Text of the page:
My embarrassment escaped when my startled friends muttered good-byes and headed home but even years after, my guilt from watching Grandpa apologize too many times that day and seeing him struggle to remember the last words of the song has scarred my heart, a punishment I wholly deserve.
“Your eyes are red,” is the first thing my sister says to me when I ride my mom’s car in front of the maple tree. “Did you cry? What a crybaby.”
Her words only bounce off my ears and I hastily wipe off some tears.
“Mom, what’s wrong with Grandpa? Is he having problems with medication? Is he getting surgery today? Is he all cured now and . . .”
“Grandpa’s lung is faltering and the doctors are worrying he’ll be gone in a day or two.”
She spits out the sentence like a cobra stabbing venom into its prey. Dark red poison penetrates my skin and strangles my heart.
“Does that mean . . . will grandpa . . . but it’s only been ten years . . . that’s not really going to happen, right Mom?”
“I don’t know but I hope not, honey. I’m praying and praying.”
Mom drops us off in front of the hospital to go park and my sister and I run across the scarlet-colored corridor to a room sporting a sign that reads Grandpa’s name: Kim Ki-Yong. Grandpa is tucked under soft white blankets my relatives have brought, but his bewildered eyes are blood shot and lifeless as they stare into open space. Aunts and uncles dressed in traditional, black hanbok crowd his bed holding hands and praying. Grandma is clutching tissues soaked with mascara-stained tears but more tears run down her wrinkled peach-color skin, dropping on to Grandpa’s snowy blanket.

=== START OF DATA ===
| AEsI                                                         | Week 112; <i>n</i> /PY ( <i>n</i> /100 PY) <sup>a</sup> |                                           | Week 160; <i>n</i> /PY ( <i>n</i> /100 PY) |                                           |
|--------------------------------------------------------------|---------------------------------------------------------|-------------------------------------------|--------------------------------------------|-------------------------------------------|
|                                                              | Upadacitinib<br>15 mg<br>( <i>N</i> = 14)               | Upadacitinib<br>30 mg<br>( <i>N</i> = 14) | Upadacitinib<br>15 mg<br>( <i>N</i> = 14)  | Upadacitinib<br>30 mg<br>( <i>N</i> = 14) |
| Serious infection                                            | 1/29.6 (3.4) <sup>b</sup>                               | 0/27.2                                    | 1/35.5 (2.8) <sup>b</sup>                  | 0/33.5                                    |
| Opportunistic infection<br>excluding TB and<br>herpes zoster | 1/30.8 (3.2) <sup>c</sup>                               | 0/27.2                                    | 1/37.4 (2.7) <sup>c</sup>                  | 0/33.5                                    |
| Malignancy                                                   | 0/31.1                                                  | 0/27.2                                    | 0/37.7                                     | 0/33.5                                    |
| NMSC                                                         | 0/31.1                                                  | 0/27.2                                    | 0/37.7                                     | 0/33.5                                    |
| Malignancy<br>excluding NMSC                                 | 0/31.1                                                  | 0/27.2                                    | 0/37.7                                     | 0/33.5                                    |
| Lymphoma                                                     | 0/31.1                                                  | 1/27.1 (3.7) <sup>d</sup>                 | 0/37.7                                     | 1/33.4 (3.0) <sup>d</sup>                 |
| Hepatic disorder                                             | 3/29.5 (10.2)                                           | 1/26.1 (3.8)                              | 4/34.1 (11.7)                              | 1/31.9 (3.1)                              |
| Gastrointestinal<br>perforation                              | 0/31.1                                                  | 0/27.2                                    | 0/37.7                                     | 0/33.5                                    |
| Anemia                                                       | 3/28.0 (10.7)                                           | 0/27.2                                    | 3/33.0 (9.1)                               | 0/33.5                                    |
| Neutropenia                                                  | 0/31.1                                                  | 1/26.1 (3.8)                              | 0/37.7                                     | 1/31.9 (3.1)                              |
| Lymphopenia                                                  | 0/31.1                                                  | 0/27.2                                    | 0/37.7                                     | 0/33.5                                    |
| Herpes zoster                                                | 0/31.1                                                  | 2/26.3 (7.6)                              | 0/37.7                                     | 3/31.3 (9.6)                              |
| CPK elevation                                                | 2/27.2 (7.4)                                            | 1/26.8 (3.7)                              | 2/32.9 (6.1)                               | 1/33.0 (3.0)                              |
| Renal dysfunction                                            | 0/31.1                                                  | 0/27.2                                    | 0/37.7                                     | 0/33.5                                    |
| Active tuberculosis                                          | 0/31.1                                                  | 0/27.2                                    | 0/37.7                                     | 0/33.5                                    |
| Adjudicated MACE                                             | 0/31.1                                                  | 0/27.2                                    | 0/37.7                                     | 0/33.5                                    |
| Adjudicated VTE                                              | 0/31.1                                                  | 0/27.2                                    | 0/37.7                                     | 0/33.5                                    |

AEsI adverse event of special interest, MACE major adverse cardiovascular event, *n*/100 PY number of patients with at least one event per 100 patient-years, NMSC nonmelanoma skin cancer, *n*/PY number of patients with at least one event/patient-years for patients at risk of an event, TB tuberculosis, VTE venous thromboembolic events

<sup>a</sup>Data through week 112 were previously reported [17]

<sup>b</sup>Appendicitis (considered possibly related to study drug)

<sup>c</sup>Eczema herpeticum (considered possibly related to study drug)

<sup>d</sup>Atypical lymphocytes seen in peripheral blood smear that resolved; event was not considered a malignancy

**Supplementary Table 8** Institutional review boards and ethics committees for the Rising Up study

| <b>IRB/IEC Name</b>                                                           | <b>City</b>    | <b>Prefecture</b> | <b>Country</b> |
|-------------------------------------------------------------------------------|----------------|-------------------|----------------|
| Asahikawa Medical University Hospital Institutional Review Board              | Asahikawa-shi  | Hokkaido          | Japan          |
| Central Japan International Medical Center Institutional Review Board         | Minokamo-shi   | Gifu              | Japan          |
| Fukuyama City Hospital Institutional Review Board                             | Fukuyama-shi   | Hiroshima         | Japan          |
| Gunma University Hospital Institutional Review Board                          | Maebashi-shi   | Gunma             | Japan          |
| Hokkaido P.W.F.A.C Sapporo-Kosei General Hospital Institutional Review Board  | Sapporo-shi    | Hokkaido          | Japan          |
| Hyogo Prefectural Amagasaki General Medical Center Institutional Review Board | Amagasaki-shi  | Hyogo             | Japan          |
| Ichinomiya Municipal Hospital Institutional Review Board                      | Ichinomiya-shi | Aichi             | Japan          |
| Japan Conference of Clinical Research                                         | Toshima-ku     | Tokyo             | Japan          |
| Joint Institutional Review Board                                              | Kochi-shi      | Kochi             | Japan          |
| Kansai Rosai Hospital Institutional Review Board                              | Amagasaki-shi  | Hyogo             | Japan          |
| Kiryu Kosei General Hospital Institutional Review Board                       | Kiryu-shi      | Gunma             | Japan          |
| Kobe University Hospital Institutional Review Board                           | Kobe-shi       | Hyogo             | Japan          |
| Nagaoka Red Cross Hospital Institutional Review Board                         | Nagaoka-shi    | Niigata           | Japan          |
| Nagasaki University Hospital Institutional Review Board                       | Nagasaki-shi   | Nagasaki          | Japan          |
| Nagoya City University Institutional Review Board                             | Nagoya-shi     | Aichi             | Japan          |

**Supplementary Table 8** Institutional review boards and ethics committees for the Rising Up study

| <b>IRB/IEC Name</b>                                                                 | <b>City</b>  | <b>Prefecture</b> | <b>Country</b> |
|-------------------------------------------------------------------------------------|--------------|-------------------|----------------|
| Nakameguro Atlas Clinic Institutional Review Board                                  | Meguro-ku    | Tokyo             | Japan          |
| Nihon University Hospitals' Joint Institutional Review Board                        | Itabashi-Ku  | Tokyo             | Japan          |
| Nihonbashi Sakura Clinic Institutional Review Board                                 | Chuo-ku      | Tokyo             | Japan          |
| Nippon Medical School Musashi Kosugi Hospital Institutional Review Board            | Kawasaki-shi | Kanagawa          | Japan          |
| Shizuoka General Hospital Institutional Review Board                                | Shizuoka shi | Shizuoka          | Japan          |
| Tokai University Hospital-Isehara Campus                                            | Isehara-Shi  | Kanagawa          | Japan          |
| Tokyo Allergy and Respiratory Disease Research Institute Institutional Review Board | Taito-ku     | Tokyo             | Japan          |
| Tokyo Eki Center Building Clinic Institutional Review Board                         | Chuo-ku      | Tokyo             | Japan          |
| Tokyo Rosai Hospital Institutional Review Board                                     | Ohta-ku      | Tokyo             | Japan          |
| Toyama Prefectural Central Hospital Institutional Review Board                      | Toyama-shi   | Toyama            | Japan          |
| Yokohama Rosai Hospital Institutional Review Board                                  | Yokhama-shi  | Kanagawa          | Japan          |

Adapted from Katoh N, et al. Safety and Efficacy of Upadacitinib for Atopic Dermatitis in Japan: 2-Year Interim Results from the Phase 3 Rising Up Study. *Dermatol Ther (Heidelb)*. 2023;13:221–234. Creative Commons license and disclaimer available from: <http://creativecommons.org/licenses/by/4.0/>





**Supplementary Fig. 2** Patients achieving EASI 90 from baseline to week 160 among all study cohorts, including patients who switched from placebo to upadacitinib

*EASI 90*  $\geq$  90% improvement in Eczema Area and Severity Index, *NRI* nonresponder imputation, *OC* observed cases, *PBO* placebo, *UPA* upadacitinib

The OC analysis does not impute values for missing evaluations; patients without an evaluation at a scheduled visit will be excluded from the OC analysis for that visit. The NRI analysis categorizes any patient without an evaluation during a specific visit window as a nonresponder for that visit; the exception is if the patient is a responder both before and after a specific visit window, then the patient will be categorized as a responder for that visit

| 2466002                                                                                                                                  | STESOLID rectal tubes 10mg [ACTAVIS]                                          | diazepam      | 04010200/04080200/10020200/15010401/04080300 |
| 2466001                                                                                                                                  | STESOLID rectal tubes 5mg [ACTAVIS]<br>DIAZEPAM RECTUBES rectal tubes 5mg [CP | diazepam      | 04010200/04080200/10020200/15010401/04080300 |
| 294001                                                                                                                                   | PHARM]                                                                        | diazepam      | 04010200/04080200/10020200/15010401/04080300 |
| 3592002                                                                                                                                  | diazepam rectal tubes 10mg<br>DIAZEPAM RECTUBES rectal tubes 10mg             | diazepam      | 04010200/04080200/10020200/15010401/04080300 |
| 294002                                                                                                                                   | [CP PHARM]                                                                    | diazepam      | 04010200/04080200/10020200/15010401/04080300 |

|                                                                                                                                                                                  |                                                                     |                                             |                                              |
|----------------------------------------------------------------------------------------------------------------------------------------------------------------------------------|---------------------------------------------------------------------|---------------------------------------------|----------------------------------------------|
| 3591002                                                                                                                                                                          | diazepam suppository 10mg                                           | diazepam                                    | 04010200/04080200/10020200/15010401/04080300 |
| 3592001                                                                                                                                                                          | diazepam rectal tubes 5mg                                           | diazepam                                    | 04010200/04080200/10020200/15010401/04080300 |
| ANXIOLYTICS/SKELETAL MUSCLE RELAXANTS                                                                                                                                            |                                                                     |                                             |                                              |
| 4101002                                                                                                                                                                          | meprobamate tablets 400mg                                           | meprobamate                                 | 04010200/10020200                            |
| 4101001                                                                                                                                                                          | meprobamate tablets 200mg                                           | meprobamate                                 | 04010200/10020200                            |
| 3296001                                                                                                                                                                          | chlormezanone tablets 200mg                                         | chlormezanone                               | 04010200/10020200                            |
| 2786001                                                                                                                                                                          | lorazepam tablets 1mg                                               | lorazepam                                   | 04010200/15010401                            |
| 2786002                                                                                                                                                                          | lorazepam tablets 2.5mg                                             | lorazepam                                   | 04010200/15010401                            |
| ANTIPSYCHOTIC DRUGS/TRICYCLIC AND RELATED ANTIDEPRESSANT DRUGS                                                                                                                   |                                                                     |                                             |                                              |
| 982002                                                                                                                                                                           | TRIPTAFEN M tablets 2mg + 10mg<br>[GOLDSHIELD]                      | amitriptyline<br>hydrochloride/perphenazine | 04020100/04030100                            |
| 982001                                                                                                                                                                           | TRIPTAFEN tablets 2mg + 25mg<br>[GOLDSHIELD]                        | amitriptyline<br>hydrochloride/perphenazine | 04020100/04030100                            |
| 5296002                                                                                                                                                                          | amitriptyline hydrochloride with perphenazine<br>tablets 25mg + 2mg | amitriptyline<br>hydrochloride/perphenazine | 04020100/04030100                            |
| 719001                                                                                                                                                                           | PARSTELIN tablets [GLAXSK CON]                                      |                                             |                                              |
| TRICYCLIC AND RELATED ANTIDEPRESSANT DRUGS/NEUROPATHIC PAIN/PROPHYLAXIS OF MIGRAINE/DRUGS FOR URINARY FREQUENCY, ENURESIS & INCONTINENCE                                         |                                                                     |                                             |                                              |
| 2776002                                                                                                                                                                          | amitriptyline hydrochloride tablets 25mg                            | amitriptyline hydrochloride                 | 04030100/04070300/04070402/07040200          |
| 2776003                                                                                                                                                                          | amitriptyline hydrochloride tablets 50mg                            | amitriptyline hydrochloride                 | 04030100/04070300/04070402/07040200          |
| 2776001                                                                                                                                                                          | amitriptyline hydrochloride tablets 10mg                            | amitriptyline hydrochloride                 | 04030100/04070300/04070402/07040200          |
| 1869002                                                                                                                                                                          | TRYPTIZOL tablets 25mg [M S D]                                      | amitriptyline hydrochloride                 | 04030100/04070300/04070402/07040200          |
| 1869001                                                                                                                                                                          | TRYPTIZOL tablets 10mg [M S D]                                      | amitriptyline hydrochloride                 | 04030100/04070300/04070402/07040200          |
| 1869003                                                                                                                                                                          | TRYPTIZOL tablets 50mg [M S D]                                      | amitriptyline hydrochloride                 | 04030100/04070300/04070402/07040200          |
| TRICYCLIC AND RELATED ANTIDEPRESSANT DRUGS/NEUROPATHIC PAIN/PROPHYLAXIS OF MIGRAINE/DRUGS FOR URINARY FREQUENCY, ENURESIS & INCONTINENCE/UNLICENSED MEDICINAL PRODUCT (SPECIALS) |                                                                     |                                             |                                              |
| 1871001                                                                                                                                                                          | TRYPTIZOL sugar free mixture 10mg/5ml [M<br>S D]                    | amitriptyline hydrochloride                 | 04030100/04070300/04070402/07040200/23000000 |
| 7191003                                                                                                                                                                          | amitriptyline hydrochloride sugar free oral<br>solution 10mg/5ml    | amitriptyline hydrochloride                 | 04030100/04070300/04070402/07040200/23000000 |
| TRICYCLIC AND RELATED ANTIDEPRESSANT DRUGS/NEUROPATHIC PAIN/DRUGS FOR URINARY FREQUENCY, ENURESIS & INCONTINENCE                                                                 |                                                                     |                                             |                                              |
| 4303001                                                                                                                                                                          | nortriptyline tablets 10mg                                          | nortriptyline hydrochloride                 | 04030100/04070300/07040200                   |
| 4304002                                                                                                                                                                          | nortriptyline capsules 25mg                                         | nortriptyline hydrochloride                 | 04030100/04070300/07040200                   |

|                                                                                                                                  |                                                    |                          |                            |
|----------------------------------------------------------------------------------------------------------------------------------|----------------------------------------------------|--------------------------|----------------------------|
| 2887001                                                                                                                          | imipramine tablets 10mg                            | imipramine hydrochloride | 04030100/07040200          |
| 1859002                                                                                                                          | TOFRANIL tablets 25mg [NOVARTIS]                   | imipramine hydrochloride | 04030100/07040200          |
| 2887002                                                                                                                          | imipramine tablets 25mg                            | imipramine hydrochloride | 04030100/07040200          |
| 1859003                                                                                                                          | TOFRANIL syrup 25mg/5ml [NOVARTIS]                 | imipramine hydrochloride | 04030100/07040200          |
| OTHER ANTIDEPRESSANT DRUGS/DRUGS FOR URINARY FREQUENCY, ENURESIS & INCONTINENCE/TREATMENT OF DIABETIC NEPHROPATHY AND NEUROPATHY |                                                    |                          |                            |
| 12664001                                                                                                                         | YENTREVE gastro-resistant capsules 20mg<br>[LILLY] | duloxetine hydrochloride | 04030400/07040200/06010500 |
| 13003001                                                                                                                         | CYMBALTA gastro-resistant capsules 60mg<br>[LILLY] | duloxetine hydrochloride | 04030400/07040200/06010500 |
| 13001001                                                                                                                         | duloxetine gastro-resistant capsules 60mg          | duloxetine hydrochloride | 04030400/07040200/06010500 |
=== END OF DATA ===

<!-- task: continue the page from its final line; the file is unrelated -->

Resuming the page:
I tiptoe into the silent room. My hands are quivering as I approach the bed, a bag of apple-flavored chips clenched in my left fist. An inconsistent beep-beep-beep is coming from the stethograph connected to Grandpa’s emaciated wrist. I squirm between my relatives to the front of the bed and the rustle of my bag of chips attracts Grandpa’s weary eyes.
“You are here,” Grandpa murmurs. “You are here to play with me.”
“Grandpa, can you tell who I am?” I wave the rose-colored bag of chips in front of his face. The nostalgic scent of apple hovers in the air.
“Do you remember when you cut apples into animal shapes for me when I was in second grade and when you sang the ‘flower of Sharon’ song and I got so mad at you and I’m so sorry for yelling at you when it wasn’t your fault. Please don’t die, Grandpa, please don’t die.”
“You are here,” Grandpa repeats. He’s not looking at me and then I realize he doesn’t recognize who I am. He doesn’t recognize any of us. The bag of apple chips falls to the floor and bursts.
The stethograph starts blinking uncontrollably and the beep-beep-beep sound slows.
“No, Grandpa, you were wrong.” His blurry eyes meet mine but I am no longer crying. “The flower of Sharon is not withering. It’s blooming.”
Trying to ignore the darkening stethograph and Grandpa’s heavy eyes, I start to sing.
“The flower of Sharon is in full bloom.” Grandma, with one hand resting on my shoulder, joins in. “Summer is here and the lilacs and lilies are flowering at last! What a beautiful sunny day!”
The song ends in a high note. And with a final shrill ‘BEEP’, Grandpa succumbs to the forces of nature on a sunny day, his hand tightly wrapped around mine.